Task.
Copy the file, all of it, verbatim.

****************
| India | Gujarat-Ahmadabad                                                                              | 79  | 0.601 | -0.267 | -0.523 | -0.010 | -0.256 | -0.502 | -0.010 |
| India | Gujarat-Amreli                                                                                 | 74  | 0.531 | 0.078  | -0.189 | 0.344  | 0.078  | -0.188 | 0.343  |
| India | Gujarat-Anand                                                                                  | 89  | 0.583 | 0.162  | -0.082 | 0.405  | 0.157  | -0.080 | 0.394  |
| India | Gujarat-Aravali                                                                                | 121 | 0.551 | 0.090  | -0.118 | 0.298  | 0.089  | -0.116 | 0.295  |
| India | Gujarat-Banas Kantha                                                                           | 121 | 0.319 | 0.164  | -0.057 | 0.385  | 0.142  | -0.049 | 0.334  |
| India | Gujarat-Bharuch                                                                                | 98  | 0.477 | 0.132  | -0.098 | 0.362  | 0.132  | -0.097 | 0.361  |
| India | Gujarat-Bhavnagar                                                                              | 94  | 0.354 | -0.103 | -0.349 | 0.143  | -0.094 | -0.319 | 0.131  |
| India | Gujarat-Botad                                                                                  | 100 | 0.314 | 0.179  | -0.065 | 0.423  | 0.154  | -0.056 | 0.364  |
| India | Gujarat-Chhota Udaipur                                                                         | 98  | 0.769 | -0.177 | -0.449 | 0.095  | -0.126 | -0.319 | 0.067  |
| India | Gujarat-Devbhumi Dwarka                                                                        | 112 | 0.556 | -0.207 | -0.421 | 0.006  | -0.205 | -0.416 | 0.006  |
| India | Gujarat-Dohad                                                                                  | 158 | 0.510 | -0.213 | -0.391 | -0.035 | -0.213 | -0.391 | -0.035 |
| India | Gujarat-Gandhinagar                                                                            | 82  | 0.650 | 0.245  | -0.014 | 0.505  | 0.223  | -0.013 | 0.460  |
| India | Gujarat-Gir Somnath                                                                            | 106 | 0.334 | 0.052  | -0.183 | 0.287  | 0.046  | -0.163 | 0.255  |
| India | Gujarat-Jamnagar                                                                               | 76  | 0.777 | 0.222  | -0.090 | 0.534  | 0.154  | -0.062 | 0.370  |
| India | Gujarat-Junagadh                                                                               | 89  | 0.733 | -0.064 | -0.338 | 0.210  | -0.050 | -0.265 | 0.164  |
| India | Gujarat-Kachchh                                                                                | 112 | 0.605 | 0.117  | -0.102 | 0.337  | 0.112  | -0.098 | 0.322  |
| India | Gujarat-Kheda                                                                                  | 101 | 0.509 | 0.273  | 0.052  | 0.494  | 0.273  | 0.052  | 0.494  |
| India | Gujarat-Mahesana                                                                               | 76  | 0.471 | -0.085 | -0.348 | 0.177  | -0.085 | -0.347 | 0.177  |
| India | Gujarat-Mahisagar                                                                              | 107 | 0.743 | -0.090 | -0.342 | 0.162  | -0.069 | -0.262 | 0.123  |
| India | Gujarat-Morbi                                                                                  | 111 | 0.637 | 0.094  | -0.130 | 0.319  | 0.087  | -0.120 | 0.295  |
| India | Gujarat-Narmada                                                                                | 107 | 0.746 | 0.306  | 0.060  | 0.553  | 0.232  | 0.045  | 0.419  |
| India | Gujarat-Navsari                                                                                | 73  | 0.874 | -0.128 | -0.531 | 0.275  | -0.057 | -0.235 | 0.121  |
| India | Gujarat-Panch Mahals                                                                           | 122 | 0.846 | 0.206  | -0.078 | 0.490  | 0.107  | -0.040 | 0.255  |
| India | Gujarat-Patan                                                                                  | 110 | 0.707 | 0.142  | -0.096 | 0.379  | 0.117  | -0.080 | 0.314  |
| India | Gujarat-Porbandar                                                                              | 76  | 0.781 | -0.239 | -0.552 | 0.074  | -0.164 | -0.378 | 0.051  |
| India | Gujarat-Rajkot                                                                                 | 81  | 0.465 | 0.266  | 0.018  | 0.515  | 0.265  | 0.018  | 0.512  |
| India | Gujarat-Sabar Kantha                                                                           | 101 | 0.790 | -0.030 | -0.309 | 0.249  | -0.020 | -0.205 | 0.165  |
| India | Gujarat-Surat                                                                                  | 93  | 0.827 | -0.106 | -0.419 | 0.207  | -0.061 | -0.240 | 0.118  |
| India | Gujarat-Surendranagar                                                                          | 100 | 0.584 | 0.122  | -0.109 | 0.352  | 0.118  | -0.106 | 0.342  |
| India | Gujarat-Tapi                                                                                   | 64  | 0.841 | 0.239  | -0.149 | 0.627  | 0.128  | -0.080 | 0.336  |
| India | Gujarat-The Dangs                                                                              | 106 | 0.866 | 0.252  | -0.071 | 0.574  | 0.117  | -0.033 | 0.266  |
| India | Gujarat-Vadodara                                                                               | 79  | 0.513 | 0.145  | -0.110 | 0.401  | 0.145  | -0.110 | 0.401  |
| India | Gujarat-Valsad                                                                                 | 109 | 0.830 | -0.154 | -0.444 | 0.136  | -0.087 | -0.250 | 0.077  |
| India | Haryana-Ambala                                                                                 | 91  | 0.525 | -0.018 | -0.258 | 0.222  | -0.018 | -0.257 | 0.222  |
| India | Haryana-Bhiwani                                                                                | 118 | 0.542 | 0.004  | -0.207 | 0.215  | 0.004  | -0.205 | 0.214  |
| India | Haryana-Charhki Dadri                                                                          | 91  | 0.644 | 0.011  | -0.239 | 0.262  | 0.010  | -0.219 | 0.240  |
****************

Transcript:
| India | Gujarat-Ahmadabad                                                                              | 79  | 0.601 | -0.267 | -0.523 | -0.010 | -0.256 | -0.502 | -0.010 |
| India | Gujarat-Amreli                                                                                 | 74  | 0.531 | 0.078  | -0.189 | 0.344  | 0.078  | -0.188 | 0.343  |
| India | Gujarat-Anand                                                                                  | 89  | 0.583 | 0.162  | -0.082 | 0.405  | 0.157  | -0.080 | 0.394  |
| India | Gujarat-Aravali                                                                                | 121 | 0.551 | 0.090  | -0.118 | 0.298  | 0.089  | -0.116 | 0.295  |
| India | Gujarat-Banas Kantha                                                                           | 121 | 0.319 | 0.164  | -0.057 | 0.385  | 0.142  | -0.049 | 0.334  |
| India | Gujarat-Bharuch                                                                                | 98  | 0.477 | 0.132  | -0.098 | 0.362  | 0.132  | -0.097 | 0.361  |
| India | Gujarat-Bhavnagar                                                                              | 94  | 0.354 | -0.103 | -0.349 | 0.143  | -0.094 | -0.319 | 0.131  |
| India | Gujarat-Botad                                                                                  | 100 | 0.314 | 0.179  | -0.065 | 0.423  | 0.154  | -0.056 | 0.364  |
| India | Gujarat-Chhota Udaipur                                                                         | 98  | 0.769 | -0.177 | -0.449 | 0.095  | -0.126 | -0.319 | 0.067  |
| India | Gujarat-Devbhumi Dwarka                                                                        | 112 | 0.556 | -0.207 | -0.421 | 0.006  | -0.205 | -0.416 | 0.006  |
| India | Gujarat-Dohad                                                                                  | 158 | 0.510 | -0.213 | -0.391 | -0.035 | -0.213 | -0.391 | -0.035 |
| India | Gujarat-Gandhinagar                                                                            | 82  | 0.650 | 0.245  | -0.014 | 0.505  | 0.223  | -0.013 | 0.460  |
| India | Gujarat-Gir Somnath                                                                            | 106 | 0.334 | 0.052  | -0.183 | 0.287  | 0.046  | -0.163 | 0.255  |
| India | Gujarat-Jamnagar                                                                               | 76  | 0.777 | 0.222  | -0.090 | 0.534  | 0.154  | -0.062 | 0.370  |
| India | Gujarat-Junagadh                                                                               | 89  | 0.733 | -0.064 | -0.338 | 0.210  | -0.050 | -0.265 | 0.164  |
| India | Gujarat-Kachchh                                                                                | 112 | 0.605 | 0.117  | -0.102 | 0.337  | 0.112  | -0.098 | 0.322  |
| India | Gujarat-Kheda                                                                                  | 101 | 0.509 | 0.273  | 0.052  | 0.494  | 0.273  | 0.052  | 0.494  |
| India | Gujarat-Mahesana                                                                               | 76  | 0.471 | -0.085 | -0.348 | 0.177  | -0.085 | -0.347 | 0.177  |
| India | Gujarat-Mahisagar                                                                              | 107 | 0.743 | -0.090 | -0.342 | 0.162  | -0.069 | -0.262 | 0.123  |
| India | Gujarat-Morbi                                                                                  | 111 | 0.637 | 0.094  | -0.130 | 0.319  | 0.087  | -0.120 | 0.295  |
| India | Gujarat-Narmada                                                                                | 107 | 0.746 | 0.306  | 0.060  | 0.553  | 0.232  | 0.045  | 0.419  |
| India | Gujarat-Navsari                                                                                | 73  | 0.874 | -0.128 | -0.531 | 0.275  | -0.057 | -0.235 | 0.121  |
| India | Gujarat-Panch Mahals                                                                           | 122 | 0.846 | 0.206  | -0.078 | 0.490  | 0.107  | -0.040 | 0.255  |
| India | Gujarat-Patan                                                                                  | 110 | 0.707 | 0.142  | -0.096 | 0.379  | 0.117  | -0.080 | 0.314  |
| India | Gujarat-Porbandar                                                                              | 76  | 0.781 | -0.239 | -0.552 | 0.074  | -0.164 | -0.378 | 0.051  |
| India | Gujarat-Rajkot                                                                                 | 81  | 0.465 | 0.266  | 0.018  | 0.515  | 0.265  | 0.018  | 0.512  |
| India | Gujarat-Sabar Kantha                                                                           | 101 | 0.790 | -0.030 | -0.309 | 0.249  | -0.020 | -0.205 | 0.165  |
| India | Gujarat-Surat                                                                                  | 93  | 0.827 | -0.106 | -0.419 | 0.207  | -0.061 | -0.240 | 0.118  |
| India | Gujarat-Surendranagar                                                                          | 100 | 0.584 | 0.122  | -0.109 | 0.352  | 0.118  | -0.106 | 0.342  |
| India | Gujarat-Tapi                                                                                   | 64  | 0.841 | 0.239  | -0.149 | 0.627  | 0.128  | -0.080 | 0.336  |
| India | Gujarat-The Dangs                                                                              | 106 | 0.866 | 0.252  | -0.071 | 0.574  | 0.117  | -0.033 | 0.266  |
| India | Gujarat-Vadodara                                                                               | 79  | 0.513 | 0.145  | -0.110 | 0.401  | 0.145  | -0.110 | 0.401  |
| India | Gujarat-Valsad                                                                                 | 109 | 0.830 | -0.154 | -0.444 | 0.136  | -0.087 | -0.250 | 0.077  |
| India | Haryana-Ambala                                                                                 | 91  | 0.525 | -0.018 | -0.258 | 0.222  | -0.018 | -0.257 | 0.222  |
| India | Haryana-Bhiwani                                                                                | 118 | 0.542 | 0.004  | -0.207 | 0.215  | 0.004  | -0.205 | 0.214  |
| India | Haryana-Charhki Dadri                                                                          | 91  | 0.644 | 0.011  | -0.239 | 0.262  | 0.010  | -0.219 | 0.240  |